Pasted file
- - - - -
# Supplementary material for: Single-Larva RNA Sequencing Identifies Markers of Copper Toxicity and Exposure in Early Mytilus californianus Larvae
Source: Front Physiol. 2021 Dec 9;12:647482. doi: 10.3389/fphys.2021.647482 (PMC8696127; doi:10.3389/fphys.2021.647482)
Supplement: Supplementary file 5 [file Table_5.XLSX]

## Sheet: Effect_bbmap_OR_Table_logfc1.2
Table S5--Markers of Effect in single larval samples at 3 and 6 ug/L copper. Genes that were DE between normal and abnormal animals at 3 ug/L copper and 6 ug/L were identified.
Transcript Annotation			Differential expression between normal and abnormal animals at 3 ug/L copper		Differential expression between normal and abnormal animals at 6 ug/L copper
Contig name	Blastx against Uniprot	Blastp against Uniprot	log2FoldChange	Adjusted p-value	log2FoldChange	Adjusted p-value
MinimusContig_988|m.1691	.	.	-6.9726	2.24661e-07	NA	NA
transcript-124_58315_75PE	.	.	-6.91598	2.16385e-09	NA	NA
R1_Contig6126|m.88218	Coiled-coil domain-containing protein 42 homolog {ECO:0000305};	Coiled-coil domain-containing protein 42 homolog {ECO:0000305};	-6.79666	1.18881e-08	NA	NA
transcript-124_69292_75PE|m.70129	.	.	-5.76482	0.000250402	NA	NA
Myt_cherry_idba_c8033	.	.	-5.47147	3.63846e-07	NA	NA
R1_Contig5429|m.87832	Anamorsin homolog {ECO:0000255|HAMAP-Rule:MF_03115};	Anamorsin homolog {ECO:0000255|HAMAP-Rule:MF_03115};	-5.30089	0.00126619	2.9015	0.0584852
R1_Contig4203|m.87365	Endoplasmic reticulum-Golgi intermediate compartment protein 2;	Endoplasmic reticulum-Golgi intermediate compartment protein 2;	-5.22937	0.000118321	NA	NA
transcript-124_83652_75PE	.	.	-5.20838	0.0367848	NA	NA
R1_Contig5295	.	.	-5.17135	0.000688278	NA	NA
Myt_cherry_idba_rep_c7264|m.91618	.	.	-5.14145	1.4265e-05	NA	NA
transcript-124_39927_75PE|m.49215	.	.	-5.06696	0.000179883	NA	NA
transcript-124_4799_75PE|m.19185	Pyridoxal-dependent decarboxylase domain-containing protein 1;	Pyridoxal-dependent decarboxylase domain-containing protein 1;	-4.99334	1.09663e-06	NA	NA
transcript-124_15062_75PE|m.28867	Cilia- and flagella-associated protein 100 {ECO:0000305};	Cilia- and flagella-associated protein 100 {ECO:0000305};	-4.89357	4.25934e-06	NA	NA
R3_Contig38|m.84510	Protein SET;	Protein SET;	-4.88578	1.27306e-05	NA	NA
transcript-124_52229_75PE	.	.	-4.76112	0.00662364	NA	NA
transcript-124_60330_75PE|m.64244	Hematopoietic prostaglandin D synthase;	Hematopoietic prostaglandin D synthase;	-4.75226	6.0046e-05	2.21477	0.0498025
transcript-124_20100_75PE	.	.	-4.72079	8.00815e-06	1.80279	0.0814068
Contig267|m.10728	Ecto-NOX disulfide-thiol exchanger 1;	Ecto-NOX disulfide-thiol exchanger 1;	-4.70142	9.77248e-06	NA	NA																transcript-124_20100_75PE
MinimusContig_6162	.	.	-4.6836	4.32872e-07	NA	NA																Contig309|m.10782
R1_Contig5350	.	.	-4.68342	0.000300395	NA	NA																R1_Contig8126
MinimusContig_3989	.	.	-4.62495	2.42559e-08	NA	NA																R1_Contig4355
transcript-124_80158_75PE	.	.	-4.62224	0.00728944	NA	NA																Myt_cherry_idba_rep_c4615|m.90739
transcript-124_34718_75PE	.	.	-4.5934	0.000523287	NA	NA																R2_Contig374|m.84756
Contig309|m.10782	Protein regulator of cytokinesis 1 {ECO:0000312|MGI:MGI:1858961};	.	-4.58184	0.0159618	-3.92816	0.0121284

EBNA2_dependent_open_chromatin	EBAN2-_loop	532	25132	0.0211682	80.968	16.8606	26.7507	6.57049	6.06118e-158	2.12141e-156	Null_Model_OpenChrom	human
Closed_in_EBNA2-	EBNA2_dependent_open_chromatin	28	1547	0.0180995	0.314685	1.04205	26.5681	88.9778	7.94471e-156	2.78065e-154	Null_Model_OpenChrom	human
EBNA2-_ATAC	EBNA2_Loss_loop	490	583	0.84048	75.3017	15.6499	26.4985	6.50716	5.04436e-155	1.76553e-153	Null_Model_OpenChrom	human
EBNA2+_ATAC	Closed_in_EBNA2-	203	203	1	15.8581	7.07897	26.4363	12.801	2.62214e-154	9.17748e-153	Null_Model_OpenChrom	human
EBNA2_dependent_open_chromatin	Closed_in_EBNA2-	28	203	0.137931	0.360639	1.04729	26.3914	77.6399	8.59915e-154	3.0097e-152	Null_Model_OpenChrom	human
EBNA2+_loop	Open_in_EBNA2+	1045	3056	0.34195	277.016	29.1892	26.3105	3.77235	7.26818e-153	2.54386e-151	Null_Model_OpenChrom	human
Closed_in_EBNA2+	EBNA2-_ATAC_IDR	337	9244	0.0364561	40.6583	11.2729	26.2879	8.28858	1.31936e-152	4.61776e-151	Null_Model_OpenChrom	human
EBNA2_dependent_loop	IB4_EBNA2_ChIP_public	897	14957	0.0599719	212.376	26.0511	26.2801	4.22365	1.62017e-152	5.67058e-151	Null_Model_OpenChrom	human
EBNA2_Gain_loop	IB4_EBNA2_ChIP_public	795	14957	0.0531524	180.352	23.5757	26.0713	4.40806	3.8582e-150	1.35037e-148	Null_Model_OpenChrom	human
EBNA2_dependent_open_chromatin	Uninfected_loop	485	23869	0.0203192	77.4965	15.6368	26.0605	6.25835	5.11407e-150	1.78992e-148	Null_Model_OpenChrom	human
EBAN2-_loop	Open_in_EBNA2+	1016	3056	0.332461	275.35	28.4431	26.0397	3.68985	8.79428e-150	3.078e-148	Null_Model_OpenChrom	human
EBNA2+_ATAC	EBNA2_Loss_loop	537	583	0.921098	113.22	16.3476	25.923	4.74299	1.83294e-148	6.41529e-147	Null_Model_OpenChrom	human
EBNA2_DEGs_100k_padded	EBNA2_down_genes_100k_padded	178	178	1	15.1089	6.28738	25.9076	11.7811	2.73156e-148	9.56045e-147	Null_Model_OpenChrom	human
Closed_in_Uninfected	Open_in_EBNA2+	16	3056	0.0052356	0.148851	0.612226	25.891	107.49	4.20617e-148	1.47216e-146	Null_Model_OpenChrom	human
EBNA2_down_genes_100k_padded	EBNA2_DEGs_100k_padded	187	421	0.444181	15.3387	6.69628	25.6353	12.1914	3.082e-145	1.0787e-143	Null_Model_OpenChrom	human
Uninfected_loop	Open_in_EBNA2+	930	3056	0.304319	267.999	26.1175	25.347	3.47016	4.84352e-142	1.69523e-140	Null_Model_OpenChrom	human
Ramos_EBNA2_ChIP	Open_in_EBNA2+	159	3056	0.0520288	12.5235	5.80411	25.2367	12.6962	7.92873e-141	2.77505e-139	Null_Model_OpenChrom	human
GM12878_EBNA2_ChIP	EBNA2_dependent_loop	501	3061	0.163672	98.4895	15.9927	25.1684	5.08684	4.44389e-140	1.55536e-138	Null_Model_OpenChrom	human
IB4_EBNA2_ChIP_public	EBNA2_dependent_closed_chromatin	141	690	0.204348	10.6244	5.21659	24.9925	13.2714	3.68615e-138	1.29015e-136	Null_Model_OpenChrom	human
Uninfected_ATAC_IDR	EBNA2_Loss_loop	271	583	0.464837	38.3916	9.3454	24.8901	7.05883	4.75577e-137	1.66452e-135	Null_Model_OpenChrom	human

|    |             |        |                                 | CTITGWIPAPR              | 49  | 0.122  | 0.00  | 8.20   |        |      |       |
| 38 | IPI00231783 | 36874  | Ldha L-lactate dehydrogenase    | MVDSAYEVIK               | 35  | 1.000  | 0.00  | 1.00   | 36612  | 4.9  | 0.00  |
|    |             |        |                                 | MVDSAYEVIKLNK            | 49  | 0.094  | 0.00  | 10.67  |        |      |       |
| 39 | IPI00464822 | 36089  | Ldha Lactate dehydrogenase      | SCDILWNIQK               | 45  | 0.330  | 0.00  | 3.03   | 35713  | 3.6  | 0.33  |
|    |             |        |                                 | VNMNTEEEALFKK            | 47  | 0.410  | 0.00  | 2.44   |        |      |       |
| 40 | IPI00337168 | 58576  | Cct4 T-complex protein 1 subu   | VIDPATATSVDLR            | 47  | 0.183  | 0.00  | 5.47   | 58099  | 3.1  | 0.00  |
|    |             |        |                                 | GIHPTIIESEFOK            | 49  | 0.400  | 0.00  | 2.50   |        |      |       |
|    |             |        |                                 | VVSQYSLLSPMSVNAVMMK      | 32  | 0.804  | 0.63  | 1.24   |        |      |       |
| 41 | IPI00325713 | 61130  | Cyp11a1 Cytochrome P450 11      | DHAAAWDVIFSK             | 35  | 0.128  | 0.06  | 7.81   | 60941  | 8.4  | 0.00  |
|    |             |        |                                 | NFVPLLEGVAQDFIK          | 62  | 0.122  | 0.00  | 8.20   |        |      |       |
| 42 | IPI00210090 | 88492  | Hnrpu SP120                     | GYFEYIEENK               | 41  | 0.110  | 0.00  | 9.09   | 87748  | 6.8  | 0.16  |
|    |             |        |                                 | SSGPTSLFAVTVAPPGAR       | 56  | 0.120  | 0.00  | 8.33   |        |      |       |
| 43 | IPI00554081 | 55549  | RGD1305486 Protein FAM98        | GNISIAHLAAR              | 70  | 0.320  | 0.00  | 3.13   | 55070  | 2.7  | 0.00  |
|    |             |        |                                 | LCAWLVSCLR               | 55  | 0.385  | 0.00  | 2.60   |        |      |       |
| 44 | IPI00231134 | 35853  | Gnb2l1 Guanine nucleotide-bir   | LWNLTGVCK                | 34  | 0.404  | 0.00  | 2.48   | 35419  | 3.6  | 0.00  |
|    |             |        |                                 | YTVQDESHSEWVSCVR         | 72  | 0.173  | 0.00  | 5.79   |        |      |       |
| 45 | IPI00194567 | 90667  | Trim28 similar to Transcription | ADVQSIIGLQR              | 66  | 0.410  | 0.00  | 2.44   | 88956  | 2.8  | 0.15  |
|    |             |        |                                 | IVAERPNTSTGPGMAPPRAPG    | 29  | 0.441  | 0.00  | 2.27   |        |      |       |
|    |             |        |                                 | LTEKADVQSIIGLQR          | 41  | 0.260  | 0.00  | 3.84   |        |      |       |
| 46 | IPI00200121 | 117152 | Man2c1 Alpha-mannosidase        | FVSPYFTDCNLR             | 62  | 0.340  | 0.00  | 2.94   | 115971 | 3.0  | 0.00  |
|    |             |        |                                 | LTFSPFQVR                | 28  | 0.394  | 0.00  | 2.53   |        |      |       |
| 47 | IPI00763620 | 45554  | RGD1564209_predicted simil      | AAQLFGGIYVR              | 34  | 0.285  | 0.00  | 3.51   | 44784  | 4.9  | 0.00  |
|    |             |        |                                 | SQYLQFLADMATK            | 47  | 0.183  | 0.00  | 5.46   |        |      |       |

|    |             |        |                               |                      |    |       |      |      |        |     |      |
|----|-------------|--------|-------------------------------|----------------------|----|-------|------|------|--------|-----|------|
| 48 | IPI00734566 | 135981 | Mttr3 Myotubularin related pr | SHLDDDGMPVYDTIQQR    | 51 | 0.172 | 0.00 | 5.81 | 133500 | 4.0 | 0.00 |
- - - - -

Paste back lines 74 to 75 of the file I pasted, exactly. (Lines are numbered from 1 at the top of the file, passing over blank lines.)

|    |             |        |                                 | SQYLQFLADMATK            | 47  | 0.183  | 0.00  | 5.46   |        |      |       |

|    |             |        |                               |                      |    |       |      |      |        |     |      |